In the critical remarks, therefore, prefixed and annexed to the Lyrical Ballads,' I believe, we may safely rest, as the true origin of the unexampled opposition which Mr. Wordsworth's writings have been since doomed to encounter. The humbler passages in the poems themselves were dwelt on and cited to justify the rejection of the theory. What in and for themselves would have been either forgotten or forgiven as imperfections, or at least comparative failures, provoked direct hostility when announced as in.

2 [The poems here mentioned are now found in the collected edition of Mr. Wordsworth's Works as follows:-II., p. 161; V., p. 7–p. 282; II., p. 106; I., p 109; II., p. 141_p. 124; V., p. 17. Ed.]

3 [This Preface, published in 1800, is now printed, II., p. 303. EJ.]

tentional, as the result of choice after full deliberation. Thus the poems, admitted by all as excellent, joined with those which had pleased the far greater number, though they formed twothirds of the whole work, instead of being deemed (as in all right they should have been, even if we take for granted that the reader judged aright) an atonement for the few exceptions, gave wind and fuel to the animosity against both the poems and the poet. In all perplexity there is a portion of fear, which predisposes the mind to anger. Not able to deny that the author possessed both genius and a powerful intellect, they felt very positive,-but yet were not quite certain that he might not be in the right, and they themselves in the wrong; an unquiet state of mind, which seeks alleviation by quarrelling with the occasion of it, and by wonder. ing at the perverseness of the man, who had written a long and argumentative essay to persuade them, that

Fair is foul, and foul is fair;

in other words, that they had been all their lives admiring withiout judgment, and were now about to censure without reason.'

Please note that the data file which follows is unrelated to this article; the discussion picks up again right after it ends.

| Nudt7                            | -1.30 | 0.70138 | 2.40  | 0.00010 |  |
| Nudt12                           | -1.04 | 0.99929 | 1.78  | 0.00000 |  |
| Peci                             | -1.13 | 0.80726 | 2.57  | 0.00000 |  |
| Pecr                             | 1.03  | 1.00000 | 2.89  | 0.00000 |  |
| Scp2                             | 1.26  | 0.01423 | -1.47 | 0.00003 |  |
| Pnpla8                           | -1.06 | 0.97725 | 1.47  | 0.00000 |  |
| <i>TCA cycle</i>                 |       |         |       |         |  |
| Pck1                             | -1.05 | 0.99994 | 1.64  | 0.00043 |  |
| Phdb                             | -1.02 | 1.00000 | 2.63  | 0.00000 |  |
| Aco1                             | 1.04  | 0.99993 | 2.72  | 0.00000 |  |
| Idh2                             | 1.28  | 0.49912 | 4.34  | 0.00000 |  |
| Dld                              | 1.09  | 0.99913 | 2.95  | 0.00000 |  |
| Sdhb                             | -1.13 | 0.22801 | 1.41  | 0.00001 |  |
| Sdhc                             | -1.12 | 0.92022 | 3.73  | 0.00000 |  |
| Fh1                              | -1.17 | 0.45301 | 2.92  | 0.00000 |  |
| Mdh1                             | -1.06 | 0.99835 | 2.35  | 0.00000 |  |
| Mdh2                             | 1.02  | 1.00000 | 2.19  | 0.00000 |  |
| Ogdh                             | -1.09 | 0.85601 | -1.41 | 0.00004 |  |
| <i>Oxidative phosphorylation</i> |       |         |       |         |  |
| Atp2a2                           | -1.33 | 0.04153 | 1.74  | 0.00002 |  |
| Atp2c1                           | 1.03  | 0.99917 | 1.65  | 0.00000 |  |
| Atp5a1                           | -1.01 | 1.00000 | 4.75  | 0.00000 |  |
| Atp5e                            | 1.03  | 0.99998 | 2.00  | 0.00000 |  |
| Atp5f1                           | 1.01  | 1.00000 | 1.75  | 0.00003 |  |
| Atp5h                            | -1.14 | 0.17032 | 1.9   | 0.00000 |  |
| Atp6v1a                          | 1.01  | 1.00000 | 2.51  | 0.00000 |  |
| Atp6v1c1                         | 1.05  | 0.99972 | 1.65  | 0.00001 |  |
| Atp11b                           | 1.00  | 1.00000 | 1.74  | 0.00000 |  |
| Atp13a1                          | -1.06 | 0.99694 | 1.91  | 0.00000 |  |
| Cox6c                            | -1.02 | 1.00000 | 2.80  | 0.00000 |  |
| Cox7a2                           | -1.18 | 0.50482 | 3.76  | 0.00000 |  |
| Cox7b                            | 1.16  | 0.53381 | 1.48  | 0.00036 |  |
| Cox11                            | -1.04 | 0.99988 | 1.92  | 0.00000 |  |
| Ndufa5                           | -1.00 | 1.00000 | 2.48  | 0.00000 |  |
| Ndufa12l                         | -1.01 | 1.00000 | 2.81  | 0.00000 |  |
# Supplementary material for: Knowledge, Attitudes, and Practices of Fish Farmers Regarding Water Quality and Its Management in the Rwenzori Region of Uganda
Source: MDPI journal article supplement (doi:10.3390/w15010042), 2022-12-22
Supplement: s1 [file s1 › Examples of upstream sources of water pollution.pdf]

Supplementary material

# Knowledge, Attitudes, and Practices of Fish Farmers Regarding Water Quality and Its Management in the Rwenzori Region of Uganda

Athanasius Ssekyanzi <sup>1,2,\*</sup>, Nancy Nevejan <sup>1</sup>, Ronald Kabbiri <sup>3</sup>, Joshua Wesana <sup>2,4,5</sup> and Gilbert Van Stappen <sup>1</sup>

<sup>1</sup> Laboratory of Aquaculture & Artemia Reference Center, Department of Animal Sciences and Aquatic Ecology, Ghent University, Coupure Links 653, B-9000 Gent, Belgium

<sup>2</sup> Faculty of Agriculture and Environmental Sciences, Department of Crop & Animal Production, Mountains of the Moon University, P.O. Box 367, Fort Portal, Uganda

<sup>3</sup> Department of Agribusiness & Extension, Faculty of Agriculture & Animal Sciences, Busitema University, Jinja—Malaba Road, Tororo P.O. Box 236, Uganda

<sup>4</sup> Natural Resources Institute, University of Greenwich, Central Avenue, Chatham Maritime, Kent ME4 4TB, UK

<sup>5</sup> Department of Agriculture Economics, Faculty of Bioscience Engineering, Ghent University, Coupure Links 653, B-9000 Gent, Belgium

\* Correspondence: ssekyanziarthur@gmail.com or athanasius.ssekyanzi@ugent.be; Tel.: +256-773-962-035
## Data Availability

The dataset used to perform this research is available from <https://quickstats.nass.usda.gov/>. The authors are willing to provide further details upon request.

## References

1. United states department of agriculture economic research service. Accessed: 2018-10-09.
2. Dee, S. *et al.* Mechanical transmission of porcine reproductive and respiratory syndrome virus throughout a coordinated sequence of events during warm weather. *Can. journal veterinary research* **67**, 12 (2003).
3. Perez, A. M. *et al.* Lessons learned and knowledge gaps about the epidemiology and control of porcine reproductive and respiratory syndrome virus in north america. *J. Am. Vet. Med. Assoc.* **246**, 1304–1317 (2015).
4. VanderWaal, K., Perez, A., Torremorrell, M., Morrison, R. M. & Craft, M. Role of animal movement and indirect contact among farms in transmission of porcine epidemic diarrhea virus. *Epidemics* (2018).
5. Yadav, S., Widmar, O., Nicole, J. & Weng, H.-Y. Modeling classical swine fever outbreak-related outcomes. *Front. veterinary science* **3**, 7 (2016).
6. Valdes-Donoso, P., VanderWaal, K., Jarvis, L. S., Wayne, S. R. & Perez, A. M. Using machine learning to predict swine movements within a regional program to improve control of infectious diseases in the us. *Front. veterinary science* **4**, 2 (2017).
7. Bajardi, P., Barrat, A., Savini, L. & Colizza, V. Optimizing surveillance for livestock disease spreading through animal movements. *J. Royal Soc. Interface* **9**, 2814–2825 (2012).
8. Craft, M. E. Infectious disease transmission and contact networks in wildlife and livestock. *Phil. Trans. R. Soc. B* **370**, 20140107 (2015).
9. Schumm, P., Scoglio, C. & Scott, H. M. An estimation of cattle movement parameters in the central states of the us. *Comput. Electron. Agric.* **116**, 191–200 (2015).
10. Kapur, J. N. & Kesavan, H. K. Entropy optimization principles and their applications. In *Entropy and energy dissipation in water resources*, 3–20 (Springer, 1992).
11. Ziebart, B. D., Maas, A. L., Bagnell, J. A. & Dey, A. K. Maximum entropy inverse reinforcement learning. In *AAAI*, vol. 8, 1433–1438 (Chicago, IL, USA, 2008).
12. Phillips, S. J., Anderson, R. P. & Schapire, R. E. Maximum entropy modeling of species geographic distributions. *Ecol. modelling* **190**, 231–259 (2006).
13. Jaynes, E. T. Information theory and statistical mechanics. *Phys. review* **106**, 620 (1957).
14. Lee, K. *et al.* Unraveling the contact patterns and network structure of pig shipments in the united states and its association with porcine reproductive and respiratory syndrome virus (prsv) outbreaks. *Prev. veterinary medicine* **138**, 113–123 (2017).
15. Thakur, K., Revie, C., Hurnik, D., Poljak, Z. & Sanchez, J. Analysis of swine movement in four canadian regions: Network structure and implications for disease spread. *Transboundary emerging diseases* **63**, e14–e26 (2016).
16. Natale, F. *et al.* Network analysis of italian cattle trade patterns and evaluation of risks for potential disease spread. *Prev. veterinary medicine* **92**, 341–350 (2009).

• In opinions of long continuance, and in which we have never before been molested by a single doubt, to be suddenly convinced of an error, is almost like being convicted of a fault. There is a state of mind, which is the direct antithesis of that, which takes place when we make a bull. The bull namely consists in the bringing together two incompatible thoughts, with the sensation, but without the sense, of their connexion. The psychological condition, or that which constitutes the possibility, of this state, being such disproportionate vividness of two distant thoughts, as extinguishes or obscures the consciousness of the intermediate images or conceptions, or wholly abstracts the attention from them. Thus in the well known bull, “ I was a fine child, but they changed me;" the first conception expressed in the word “ 1,” is that of personal identity-Ego contemplans: the second expressed in the word “ me,” is the visual image or object by which the mind represents to itself its past condition, or rather, its personal identity under the form in which it imagined itself previously to have existed,-Ego contemplatus. Now the change of one visual image for another involves in itself no absurdity, and becomes absurd only by its immediate juxta-position with the first thought, which is rendered possible by the whole attention being successively absorbed in each singly, so as not to notice the interjacent notion, changed, which by its incongruity with the first thought, I, constitutes the bull. Add only, that this process is